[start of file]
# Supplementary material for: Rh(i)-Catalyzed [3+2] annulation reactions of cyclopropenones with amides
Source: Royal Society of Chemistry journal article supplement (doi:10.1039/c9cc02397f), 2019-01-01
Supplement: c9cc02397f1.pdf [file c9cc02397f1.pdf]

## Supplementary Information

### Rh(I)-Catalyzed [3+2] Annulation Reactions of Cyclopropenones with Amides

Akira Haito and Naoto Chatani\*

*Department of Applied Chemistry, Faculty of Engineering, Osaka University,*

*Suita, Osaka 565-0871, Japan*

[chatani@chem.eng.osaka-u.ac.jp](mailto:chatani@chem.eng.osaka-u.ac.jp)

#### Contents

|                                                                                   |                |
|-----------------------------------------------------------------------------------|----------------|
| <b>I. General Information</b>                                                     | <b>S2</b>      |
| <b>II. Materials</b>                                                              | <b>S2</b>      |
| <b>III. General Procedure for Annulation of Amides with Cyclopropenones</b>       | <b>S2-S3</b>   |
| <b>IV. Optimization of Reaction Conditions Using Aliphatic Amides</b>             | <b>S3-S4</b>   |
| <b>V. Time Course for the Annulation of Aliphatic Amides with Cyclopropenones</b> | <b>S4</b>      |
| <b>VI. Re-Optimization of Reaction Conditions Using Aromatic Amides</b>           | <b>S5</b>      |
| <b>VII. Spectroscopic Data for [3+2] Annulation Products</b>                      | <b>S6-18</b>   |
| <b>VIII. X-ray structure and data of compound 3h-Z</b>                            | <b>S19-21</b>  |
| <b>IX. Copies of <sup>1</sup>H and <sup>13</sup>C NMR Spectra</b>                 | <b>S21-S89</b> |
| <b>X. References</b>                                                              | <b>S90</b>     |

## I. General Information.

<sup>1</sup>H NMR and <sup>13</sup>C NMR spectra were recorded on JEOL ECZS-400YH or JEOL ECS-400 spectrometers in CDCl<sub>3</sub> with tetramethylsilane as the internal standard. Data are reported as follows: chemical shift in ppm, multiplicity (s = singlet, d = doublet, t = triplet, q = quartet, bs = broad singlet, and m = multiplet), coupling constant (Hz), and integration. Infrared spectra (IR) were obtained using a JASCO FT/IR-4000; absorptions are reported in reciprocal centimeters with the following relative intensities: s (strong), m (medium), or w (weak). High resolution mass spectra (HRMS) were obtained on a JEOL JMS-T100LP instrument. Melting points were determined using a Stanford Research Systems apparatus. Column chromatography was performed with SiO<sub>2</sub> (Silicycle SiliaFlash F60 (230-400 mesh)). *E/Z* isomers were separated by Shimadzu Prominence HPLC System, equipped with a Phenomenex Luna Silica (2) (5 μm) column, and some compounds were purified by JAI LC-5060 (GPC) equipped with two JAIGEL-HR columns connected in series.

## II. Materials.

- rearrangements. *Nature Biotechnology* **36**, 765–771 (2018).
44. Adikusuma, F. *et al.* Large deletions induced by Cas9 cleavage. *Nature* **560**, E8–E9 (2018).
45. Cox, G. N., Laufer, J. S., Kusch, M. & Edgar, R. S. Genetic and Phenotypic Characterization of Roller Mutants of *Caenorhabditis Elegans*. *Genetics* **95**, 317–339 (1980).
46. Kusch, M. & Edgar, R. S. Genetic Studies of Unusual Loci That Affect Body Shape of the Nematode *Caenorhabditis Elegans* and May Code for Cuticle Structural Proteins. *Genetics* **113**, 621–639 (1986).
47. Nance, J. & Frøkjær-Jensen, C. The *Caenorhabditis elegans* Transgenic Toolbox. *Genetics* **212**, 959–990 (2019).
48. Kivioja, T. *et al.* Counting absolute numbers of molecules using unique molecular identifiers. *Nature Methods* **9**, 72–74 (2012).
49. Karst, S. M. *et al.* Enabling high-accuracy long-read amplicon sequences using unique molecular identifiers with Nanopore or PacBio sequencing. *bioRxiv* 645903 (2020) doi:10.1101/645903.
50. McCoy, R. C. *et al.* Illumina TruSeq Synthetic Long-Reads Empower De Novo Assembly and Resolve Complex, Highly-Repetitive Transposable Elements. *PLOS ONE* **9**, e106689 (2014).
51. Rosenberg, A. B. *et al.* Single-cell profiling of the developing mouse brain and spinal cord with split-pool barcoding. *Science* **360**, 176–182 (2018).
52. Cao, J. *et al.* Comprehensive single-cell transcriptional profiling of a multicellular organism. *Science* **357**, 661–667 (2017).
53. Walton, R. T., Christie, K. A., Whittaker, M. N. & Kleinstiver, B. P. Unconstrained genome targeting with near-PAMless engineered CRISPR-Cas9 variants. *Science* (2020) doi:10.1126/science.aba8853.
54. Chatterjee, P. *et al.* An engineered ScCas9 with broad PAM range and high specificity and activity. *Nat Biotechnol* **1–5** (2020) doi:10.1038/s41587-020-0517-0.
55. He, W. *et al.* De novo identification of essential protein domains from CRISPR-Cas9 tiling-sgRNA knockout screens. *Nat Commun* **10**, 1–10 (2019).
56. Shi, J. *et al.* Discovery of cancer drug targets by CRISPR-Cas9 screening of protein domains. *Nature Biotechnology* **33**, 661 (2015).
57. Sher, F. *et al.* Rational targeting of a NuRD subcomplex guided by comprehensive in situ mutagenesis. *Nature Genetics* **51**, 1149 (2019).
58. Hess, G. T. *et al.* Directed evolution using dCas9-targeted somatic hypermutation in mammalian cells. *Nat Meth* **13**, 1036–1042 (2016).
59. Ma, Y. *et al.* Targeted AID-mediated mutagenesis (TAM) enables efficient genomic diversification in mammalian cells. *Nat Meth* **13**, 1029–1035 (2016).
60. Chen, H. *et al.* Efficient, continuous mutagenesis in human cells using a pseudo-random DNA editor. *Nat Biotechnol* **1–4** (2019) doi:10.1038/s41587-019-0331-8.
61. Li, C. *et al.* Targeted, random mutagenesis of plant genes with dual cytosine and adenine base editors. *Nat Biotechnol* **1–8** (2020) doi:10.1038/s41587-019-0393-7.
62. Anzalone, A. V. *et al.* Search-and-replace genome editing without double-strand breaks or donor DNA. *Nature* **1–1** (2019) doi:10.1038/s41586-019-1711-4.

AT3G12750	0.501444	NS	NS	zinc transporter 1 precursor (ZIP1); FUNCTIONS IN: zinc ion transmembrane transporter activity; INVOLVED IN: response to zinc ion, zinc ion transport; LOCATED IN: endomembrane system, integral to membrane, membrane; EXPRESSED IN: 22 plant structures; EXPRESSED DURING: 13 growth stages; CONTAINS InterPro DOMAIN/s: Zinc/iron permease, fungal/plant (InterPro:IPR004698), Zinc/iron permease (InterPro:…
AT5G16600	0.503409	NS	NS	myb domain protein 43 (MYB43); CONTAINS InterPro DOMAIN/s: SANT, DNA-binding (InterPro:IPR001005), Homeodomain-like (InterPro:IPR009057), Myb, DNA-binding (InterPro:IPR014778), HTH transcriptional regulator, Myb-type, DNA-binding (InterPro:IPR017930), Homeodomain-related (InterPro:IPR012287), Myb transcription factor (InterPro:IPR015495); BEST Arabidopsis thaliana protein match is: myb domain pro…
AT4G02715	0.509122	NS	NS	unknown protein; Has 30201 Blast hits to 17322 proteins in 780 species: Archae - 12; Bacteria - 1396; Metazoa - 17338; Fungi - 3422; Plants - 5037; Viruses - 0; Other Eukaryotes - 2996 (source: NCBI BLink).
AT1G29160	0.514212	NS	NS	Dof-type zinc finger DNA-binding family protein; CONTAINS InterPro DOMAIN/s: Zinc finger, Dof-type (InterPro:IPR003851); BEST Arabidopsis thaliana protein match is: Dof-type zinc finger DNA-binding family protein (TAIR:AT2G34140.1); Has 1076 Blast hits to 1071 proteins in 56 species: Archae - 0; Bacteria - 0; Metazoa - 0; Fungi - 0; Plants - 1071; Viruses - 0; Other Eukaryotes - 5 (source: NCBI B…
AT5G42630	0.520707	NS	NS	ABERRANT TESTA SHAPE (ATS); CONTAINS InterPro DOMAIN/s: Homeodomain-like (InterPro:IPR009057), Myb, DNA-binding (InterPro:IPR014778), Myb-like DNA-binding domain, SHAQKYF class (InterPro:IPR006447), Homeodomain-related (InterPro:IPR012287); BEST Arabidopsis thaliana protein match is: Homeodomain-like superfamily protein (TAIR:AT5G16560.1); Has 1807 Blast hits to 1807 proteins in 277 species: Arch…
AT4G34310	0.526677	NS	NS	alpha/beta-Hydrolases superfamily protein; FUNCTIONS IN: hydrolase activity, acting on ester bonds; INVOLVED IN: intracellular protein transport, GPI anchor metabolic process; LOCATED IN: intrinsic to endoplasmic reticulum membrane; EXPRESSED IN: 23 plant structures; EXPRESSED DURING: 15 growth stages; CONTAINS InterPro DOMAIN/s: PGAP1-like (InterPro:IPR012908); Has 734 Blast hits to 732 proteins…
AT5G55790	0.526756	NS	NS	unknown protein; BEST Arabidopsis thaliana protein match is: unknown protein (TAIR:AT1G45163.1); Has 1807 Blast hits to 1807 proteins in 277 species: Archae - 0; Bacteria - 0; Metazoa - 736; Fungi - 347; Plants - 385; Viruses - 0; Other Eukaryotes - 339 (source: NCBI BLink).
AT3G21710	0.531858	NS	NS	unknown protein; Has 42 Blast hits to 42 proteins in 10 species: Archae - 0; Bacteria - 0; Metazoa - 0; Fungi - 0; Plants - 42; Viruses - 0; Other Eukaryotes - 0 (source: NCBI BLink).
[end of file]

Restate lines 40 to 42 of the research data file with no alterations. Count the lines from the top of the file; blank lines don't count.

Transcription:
57. Sher, F. *et al.* Rational targeting of a NuRD subcomplex guided by comprehensive in situ mutagenesis. *Nature Genetics* **51**, 1149 (2019).
58. Hess, G. T. *et al.* Directed evolution using dCas9-targeted somatic hypermutation in mammalian cells. *Nat Meth* **13**, 1036–1042 (2016).
59. Ma, Y. *et al.* Targeted AID-mediated mutagenesis (TAM) enables efficient genomic diversification in mammalian cells. *Nat Meth* **13**, 1029–1035 (2016).